What is Brain Stimulation?
Transcranial Magnetic Stimulation (TMS) is a novel form of Brain Stimulation used to treat patients whose condition has not improved through conventional approaches.
How TMS Works
TMS uses the same technology as magnetic resonance imaging (MRI) to focus a highly refined magnetic field on hypometabolic (underactive) brain areas in order to non-invasively stimulate neural activity and restore normal brain functioning. TMS treatments are able to “rewire” the brain by inducing neuroplastic changes so that treatment gains persist even after the TMS treatment has been completed.
Benefits of TMS
Unlike other treatments, such as medications, TMS is not associated with the common side effects of weight gain, sexual problems, sleepiness or memory loss. It is also much less invasive than deep brain stimulation, electroconvulsive therapy (ECT) and other alternative treatment options for depression.
Although TMS was originally used to treat depression, there is evidence that this procedure can be effective for treatment of a wide range of brain disorders, including Tinnitus, Generalized Anxiety, Post-Traumatic Stress Disorder, Chronic Pain, Schizophrenia (Auditory Hallucinations and Negative Symptoms), and Cognitive Impairment.
During the TMS procedure, a coil device is placed over the patient’s head to deliver magnetic pulses to the brain. These pulses cause electrical changes within the underlying brain circuitry. This procedure is non-invasive and relatively painless.
Depending on the type of treatment, each treatment session takes about 15-45 minutes to perform, and patients can resume their regular activities immediately after each session. To achieve effective results, patients usually will need to be treated five days a week on weekdays for four to eight weeks, depending on the individual condition and response rate and condition.
Effectiveness of TMS Treatment
The effectiveness of TMS has rapidly and significantly improved over the past several years as doctors have learned better ways to apply the treatment parameters. For patient’s who continued with treatment, a recent open-label study (Hadley et al. 2010) showed a stunning 100% remission rate for severely depressed patients who were refractory to numerous medication treatments.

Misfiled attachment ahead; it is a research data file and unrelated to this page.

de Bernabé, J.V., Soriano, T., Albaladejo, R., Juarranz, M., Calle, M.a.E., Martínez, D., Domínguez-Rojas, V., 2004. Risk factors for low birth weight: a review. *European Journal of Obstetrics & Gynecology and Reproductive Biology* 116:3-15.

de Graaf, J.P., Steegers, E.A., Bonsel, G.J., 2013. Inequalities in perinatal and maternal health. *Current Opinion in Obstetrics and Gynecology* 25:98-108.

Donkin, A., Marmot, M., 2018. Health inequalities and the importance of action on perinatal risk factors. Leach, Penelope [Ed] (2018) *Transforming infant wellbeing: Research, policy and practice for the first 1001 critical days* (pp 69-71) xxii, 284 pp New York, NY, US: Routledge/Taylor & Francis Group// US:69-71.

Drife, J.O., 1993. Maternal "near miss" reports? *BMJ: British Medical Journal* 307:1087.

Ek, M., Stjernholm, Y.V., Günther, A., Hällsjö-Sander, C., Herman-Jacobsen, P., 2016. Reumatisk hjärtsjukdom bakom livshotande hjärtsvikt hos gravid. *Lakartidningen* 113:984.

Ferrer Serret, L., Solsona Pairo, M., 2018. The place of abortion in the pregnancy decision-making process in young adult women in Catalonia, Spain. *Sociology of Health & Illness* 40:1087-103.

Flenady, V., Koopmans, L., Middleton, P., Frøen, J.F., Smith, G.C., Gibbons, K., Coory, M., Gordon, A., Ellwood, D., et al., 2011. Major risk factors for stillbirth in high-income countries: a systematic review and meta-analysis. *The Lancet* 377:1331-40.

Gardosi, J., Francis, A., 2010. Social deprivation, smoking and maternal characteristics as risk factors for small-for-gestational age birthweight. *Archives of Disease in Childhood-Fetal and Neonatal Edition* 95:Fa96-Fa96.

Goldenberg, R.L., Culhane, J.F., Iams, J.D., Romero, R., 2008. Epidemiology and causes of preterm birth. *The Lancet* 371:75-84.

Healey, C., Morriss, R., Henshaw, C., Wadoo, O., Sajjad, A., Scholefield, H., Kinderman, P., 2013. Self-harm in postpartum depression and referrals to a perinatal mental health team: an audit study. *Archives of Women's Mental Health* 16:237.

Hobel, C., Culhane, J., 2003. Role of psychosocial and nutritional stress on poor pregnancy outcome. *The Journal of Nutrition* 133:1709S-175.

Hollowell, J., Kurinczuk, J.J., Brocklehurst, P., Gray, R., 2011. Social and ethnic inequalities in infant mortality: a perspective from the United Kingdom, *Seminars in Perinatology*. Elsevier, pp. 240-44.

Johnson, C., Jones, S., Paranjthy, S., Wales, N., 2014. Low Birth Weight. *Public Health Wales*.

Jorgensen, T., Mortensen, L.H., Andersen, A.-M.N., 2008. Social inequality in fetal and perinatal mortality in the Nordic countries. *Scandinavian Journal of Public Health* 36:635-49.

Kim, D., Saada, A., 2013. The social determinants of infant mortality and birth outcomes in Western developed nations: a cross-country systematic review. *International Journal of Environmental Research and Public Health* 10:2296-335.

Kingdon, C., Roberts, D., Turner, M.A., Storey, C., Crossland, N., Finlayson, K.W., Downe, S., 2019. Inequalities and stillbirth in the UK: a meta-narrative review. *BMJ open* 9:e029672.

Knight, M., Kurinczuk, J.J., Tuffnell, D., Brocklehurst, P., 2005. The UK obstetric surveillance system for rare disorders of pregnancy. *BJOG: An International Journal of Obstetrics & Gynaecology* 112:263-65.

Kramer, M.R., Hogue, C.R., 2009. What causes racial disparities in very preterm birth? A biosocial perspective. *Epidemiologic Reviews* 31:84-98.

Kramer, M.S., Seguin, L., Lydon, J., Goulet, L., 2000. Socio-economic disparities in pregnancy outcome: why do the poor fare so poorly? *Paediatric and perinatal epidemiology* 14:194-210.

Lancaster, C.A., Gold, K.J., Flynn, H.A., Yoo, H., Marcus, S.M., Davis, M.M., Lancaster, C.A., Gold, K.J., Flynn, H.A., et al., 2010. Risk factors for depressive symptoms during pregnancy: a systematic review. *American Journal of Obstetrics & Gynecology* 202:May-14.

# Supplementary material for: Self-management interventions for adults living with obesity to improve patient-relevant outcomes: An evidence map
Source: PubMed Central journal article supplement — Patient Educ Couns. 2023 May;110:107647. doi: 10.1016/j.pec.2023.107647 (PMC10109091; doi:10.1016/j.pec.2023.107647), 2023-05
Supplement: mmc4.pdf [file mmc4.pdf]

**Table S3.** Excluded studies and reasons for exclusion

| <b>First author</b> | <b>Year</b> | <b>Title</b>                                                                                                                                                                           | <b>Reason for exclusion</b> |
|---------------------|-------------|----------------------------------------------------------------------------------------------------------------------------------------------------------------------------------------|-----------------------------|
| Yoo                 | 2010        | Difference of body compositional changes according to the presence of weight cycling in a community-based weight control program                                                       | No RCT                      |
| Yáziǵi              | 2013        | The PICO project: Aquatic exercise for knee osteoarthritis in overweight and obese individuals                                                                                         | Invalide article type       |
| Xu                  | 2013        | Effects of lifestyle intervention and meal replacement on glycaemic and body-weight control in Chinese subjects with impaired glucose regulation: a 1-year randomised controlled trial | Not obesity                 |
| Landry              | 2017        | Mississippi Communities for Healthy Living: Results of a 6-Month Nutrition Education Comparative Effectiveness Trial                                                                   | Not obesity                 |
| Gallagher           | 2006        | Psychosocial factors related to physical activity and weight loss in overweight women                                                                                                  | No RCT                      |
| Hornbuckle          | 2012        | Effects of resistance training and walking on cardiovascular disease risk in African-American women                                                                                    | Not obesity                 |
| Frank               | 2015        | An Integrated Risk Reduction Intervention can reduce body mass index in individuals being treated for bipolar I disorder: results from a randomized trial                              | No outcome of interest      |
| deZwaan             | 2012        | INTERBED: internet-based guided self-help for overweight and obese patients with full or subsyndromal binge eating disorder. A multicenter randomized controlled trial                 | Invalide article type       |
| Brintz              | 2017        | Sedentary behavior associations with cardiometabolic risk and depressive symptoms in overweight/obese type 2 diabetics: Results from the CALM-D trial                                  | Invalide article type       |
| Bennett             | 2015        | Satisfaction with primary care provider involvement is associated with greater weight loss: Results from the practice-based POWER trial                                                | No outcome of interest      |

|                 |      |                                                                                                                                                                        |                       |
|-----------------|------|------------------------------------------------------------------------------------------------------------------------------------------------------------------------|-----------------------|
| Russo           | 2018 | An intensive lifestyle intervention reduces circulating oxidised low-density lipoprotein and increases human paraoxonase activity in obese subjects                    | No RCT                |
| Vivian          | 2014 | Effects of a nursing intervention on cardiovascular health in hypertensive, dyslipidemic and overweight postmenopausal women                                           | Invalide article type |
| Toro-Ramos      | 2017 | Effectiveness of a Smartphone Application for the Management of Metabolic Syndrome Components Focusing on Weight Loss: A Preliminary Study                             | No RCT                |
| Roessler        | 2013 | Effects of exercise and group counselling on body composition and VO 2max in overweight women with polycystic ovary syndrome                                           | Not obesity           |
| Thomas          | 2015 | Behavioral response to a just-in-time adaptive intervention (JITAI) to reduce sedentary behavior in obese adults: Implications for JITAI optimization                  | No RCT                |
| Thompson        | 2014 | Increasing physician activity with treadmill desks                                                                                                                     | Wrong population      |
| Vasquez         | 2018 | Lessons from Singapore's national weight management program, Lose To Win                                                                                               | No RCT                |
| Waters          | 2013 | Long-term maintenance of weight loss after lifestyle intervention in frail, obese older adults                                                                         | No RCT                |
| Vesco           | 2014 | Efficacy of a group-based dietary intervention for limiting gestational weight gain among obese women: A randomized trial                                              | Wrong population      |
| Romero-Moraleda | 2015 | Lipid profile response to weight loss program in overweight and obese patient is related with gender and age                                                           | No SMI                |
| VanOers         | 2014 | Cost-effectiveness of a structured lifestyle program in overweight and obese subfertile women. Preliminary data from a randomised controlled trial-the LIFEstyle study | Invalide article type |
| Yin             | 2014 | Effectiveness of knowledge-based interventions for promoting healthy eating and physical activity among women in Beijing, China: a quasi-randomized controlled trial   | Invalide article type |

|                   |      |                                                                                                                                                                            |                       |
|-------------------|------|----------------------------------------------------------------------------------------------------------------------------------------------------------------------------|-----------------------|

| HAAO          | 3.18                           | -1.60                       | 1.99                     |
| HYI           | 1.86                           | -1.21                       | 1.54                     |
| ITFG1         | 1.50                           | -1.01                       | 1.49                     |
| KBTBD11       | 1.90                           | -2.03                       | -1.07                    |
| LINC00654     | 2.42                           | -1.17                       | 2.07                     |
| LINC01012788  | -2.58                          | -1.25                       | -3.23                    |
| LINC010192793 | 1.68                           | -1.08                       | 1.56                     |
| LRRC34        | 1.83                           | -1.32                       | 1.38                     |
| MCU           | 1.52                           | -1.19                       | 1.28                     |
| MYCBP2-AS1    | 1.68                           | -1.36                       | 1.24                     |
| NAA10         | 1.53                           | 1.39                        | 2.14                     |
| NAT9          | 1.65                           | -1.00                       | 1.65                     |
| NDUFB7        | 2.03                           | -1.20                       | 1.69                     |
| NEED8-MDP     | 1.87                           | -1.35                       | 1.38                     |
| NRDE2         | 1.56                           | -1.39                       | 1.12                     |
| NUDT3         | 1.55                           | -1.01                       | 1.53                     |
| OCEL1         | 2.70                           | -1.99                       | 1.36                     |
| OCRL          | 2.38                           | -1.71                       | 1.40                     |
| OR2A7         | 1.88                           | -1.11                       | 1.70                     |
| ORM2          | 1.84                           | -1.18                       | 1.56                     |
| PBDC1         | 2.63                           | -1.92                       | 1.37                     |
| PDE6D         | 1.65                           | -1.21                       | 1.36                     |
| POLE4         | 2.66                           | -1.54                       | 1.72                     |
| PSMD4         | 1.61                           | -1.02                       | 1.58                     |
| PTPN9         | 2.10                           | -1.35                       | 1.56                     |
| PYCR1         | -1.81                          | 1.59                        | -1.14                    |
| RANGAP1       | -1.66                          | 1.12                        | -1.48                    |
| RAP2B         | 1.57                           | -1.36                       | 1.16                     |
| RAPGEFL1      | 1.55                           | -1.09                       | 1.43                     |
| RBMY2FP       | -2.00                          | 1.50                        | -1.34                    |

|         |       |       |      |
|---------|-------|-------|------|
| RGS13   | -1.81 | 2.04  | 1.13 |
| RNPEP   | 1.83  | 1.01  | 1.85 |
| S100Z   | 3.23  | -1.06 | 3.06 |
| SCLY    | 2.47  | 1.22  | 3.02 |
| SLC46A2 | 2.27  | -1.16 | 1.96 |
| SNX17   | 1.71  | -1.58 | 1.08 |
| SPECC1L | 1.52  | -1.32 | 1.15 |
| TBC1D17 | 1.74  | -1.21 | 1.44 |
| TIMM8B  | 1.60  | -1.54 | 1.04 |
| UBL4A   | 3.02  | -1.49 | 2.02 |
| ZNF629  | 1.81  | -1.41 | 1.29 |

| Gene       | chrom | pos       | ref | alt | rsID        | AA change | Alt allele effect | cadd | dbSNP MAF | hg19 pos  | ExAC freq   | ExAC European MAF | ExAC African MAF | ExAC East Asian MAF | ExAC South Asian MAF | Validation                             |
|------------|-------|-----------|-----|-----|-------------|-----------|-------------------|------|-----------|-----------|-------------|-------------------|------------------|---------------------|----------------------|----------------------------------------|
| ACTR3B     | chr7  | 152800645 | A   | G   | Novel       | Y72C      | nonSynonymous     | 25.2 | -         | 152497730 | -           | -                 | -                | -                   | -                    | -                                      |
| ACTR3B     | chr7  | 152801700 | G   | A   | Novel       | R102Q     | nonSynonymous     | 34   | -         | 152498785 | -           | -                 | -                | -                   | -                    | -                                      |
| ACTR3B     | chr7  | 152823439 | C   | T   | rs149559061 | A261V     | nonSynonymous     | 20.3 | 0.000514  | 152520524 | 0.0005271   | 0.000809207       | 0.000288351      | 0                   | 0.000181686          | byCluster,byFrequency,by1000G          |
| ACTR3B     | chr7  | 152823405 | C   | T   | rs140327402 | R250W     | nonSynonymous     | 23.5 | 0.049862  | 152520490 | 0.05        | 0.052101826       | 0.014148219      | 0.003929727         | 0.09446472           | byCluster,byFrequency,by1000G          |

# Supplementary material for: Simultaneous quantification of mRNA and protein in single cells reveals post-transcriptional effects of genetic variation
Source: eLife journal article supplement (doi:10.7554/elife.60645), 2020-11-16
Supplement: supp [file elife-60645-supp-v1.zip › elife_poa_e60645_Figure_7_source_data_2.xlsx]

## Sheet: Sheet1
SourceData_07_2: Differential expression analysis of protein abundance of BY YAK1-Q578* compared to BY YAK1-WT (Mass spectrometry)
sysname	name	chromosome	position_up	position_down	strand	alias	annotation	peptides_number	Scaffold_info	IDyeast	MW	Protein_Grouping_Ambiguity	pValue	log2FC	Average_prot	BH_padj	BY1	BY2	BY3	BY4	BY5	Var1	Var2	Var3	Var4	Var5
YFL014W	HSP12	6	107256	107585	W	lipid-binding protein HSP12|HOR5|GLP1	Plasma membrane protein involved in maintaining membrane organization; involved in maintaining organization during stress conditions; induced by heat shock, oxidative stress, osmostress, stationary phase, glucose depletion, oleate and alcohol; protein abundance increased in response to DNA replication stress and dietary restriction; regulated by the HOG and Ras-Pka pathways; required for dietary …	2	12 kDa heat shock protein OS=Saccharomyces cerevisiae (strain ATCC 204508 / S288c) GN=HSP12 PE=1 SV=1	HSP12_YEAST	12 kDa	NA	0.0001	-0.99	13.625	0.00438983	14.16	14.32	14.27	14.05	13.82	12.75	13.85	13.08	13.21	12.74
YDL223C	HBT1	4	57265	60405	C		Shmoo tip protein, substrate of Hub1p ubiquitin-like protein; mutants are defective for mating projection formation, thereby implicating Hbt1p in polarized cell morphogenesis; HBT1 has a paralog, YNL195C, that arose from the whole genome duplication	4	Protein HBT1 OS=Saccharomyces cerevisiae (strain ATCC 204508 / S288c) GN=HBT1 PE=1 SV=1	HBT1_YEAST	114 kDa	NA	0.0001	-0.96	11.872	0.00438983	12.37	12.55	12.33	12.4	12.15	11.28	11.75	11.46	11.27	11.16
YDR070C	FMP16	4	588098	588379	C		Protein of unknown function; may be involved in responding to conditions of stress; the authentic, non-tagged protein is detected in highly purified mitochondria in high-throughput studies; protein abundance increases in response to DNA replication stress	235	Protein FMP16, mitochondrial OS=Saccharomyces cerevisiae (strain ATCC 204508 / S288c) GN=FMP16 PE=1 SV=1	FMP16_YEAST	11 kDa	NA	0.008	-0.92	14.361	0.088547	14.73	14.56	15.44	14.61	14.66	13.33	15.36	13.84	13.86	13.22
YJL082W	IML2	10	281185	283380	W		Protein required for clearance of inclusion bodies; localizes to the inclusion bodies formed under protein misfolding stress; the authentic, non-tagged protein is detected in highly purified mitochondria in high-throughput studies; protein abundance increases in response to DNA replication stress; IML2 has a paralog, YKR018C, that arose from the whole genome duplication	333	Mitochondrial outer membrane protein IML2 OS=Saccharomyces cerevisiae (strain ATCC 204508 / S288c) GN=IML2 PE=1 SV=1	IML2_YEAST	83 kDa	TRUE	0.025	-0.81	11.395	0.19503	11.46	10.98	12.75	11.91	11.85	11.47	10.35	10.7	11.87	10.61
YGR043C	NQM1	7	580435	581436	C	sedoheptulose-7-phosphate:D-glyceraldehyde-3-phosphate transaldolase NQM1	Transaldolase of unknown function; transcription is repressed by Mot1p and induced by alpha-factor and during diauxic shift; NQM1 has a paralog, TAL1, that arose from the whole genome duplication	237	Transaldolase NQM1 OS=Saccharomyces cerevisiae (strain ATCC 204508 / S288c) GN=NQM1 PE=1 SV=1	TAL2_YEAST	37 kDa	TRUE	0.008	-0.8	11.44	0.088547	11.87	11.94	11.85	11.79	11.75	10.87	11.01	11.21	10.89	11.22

Minimal Side Effects
Because TMS activity is restricted to a two centimeter diameter area on the surface of the brain, it has minimal side effects. In contrast to medications, it does not introduce a synthetic molecule into a patient’s blood stream, and thus does not systemically affect cells in other parts of the body which is the cause of most medication side effects.
While TMS is a safer and less invasive alternative to other brain stimulation procedures, there are certain risks associated with any type of treatment. Most patients undergo TMS with no major side effects.
Common side effects of TMS include:
- Scalp discomfort
- Rarely, seizure (approximate risk is 1/10,000 and it produces no long-term impairment after the seizure resolves)
Contraindications to TMS
Similar to patient’s undergoing an MRI scan, TMS patients cannot have metal surgical clips or other metallic objects in their head or neck (with the exception of dental work).
A contraindication is a condition or factor that serves as a reason to withhold a certain medical treatment.
- History of seizures or epilepsy
- Family history of seizures or epilepsy
- With the exception of dental work, metal inside the body in the region of the head or neck (e.g. shrapnel, surgical clips, welding fragments)
- Implanted medical device (e.g. deep brain stimulator, cochlear or ocular implant)
Academic Medical Centers Offering TMS
Other leading academic medical centers treating patients with TMS include the Massachusetts General Hospital, Johns Hopkins, McLean, Sheppard Pratt, Beth Israel Hospital, Walter Reed, UCLA, the Mayo Clinic, Columbia University and Stanford.
If you have any further questions regarding TMS Los Angeles Therapy, please call 800-306-2290 today to schedule a consultation.